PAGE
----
The heat was still intense in the afternoons, but the quality of the light had changed. Time, in the turning of a leaf, in the coolness before dawn… time in the flood of the river, the flood of years. Time was running out.
The stars were veiled with cloud now, and rain intensified the fragrance of the pines.
Culloden cast its long shadow over the rest of Wolfe’s life, although, as aide-de-camp to the foul-mouthed old cavalryman Lieutenant-General Henry ‘Hangman’ Hawley, he was not fighting with his regiment, Barrell’s, the King’s Own, on the morning of April 16th, 1746. He remained on the right of the line with Cobham’s Dragoons and Kingston’s Light Horse, which Hawley did not order into action until the entire right wing of the rebel army had thrown itself on Barrell’s.
He did not see, except at a distance and through the smoke, Barrell’s break under the impact of the charge by the Stewarts of Appin and Atholl and the Camerons under Lochiel, and throw it back with bent and bloodied bayonets; did not see his friend, Lieutenant-Colonel Robert Rich, fighting with inhuman courage beside the colours, receive six head wounds; did not see Rich’s left hand struck from his wrist and his right forearm almost severed by a Highland broadsword; did not see until afterwards Lord Robert Kerr, son of the Marquess of Lothian and captain of Barrell’s grenadiers, dead on the ground with his skull split from crown to collarbone. He did not, in all probability, feature in the apocryphal story that sometimes had the Duke of Cumberland, sometimes, more characteristically, Hawley, pointing to a wounded Jacobite, identified as Charles Fraser of Inverallochy, and saying, “Wolfe, shoot me that rebel dog,” whereupon the indignant young major retorted, “My commission is at Your Highness’s disposal, but I can never consent to become an executioner.” Wolfe loathed insubordination and would certainly not offer it to his commander-in-chief, and it is highly unlikely, despite his personal hatred of Hawley, that he would have behaved with insolence toward him. He remained on good terms with Cumberland and was more than once recommended for promotion by him until the Duke’s own spectacular fall from grace following his surrender of Hanover in 1757.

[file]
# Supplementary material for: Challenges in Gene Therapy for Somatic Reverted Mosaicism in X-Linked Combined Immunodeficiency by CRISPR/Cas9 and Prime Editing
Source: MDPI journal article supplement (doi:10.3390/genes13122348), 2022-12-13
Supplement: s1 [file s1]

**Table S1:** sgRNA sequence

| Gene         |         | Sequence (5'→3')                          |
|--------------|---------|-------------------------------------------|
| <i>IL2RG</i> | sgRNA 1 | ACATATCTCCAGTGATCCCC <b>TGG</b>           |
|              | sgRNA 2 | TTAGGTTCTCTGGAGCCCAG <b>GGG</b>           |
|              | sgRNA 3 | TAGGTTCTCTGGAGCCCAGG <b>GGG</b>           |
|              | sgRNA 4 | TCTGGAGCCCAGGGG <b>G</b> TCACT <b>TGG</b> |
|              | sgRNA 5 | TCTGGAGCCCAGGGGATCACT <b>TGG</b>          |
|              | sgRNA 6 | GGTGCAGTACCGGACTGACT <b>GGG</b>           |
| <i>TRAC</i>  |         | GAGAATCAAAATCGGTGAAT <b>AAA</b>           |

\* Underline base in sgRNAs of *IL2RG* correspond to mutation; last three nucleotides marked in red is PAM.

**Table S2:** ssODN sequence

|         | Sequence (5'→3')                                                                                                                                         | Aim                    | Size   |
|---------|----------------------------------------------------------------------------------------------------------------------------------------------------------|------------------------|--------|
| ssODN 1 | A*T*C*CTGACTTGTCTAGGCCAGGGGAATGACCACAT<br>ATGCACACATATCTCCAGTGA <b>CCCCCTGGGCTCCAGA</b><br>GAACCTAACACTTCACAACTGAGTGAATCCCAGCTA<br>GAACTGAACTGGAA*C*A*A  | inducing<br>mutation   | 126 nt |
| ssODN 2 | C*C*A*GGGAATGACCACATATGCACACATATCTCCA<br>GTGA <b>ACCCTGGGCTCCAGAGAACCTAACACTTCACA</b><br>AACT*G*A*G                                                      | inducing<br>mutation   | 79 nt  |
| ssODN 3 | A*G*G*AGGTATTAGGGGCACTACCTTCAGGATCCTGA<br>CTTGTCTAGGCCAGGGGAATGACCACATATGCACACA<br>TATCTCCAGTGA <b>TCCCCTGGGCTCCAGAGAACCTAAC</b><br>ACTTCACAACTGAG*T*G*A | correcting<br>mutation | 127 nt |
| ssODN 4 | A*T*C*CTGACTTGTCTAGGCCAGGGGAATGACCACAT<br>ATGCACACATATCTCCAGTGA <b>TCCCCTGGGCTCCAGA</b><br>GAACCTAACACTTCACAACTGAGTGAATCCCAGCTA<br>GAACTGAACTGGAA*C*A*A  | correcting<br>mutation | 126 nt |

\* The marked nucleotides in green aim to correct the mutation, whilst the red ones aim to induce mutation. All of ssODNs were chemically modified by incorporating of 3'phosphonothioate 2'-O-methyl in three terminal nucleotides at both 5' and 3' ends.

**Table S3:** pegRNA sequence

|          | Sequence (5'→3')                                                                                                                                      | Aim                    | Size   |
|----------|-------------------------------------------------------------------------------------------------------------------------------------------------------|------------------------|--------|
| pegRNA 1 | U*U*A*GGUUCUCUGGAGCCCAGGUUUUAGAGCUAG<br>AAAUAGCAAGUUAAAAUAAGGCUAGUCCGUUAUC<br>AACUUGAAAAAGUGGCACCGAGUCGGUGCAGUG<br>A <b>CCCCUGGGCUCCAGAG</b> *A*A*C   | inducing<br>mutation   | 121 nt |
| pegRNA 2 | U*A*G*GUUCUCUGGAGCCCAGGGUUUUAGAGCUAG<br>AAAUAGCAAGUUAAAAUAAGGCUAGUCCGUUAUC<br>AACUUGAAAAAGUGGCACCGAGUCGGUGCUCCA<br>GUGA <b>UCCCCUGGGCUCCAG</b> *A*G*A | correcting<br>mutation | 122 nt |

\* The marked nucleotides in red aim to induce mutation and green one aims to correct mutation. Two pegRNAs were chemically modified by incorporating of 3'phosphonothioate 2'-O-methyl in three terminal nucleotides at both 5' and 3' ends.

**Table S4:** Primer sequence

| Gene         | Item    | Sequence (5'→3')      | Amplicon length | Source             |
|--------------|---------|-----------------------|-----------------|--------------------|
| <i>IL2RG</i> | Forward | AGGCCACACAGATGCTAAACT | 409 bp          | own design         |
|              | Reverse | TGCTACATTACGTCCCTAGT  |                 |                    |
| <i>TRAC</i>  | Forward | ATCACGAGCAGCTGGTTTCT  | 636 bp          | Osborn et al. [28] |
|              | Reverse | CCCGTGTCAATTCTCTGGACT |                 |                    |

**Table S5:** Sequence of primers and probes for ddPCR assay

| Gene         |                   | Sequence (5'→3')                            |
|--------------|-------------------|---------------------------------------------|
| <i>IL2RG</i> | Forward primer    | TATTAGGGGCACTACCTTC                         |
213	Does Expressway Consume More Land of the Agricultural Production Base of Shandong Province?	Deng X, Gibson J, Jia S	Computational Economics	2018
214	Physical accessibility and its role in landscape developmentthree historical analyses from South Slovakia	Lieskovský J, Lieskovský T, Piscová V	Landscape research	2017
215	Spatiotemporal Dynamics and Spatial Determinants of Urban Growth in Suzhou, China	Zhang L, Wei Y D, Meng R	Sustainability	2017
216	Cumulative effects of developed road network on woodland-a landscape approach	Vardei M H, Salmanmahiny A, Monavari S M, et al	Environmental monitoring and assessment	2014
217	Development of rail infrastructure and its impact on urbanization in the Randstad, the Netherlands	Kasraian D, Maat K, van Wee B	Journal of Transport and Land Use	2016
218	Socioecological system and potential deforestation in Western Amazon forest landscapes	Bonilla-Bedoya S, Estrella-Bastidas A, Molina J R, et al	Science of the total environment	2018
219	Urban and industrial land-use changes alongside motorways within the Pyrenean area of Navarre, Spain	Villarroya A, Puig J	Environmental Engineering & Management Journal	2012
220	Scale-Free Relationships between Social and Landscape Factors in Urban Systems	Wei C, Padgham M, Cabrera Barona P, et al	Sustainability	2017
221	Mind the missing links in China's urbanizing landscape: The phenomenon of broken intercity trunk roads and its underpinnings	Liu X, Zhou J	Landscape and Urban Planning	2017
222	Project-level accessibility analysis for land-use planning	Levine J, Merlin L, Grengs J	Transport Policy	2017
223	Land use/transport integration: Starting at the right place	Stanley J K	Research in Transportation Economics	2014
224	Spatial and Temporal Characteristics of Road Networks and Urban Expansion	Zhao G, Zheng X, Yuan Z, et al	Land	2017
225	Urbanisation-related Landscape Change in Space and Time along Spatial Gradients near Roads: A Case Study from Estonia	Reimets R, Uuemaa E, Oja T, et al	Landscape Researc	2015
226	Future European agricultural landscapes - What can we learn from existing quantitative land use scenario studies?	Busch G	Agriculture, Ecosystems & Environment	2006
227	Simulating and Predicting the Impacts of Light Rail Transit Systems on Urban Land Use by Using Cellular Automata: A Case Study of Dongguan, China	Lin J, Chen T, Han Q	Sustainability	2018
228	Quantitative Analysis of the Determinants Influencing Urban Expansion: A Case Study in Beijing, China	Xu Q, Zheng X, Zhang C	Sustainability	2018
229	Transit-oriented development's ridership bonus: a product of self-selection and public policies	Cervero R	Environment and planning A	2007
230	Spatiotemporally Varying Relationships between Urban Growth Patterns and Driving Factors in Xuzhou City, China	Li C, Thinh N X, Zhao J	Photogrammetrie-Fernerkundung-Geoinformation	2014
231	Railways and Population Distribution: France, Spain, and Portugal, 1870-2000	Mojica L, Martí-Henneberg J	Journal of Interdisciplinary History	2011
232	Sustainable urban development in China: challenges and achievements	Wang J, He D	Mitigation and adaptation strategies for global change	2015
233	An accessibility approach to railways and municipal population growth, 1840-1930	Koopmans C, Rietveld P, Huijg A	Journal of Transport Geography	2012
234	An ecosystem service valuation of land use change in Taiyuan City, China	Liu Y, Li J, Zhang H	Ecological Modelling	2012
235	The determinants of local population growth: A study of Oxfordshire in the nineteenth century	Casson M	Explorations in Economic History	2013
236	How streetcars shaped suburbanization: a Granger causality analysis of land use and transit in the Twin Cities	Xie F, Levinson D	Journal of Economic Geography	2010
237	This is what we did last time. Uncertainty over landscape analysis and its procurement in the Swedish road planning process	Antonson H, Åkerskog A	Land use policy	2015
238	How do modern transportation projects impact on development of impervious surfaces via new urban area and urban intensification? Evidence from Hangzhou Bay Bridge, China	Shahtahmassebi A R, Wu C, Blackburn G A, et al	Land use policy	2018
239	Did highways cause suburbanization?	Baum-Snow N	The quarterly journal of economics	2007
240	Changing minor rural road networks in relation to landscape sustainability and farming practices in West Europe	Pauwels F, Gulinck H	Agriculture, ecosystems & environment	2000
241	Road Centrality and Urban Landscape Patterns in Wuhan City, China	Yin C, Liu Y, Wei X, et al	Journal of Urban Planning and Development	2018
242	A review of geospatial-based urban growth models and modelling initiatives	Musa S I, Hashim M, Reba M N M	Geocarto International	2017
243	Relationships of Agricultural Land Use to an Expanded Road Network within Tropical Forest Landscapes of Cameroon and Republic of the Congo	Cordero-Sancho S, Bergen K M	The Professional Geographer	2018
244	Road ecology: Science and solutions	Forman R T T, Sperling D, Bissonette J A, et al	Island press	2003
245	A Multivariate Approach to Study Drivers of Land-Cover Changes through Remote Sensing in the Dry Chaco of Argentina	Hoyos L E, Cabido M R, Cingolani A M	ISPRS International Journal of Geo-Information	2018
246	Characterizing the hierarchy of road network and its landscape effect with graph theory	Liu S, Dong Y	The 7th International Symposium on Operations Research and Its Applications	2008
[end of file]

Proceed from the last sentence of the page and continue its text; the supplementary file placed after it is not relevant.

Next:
But for Wolfe, the dark memories remained, and an appreciation of the raw courage of the Scots. He had seen that ferocity unleashed. He could not know that within thirteen years, on a sun-swept plateau on a September morning, it would be his to command.
Part 2 of this story will be on Thursday.
General James Wolfe (1727–1759), When a Boy. Benjamin West (1738–1820). Government Art Collection
If, like me, you wonder who lived in some of London’s Georgian houses, then today’s post takes a look at one specific London street in the affluent area of Mayfair, or to be more specific, Hertford Street.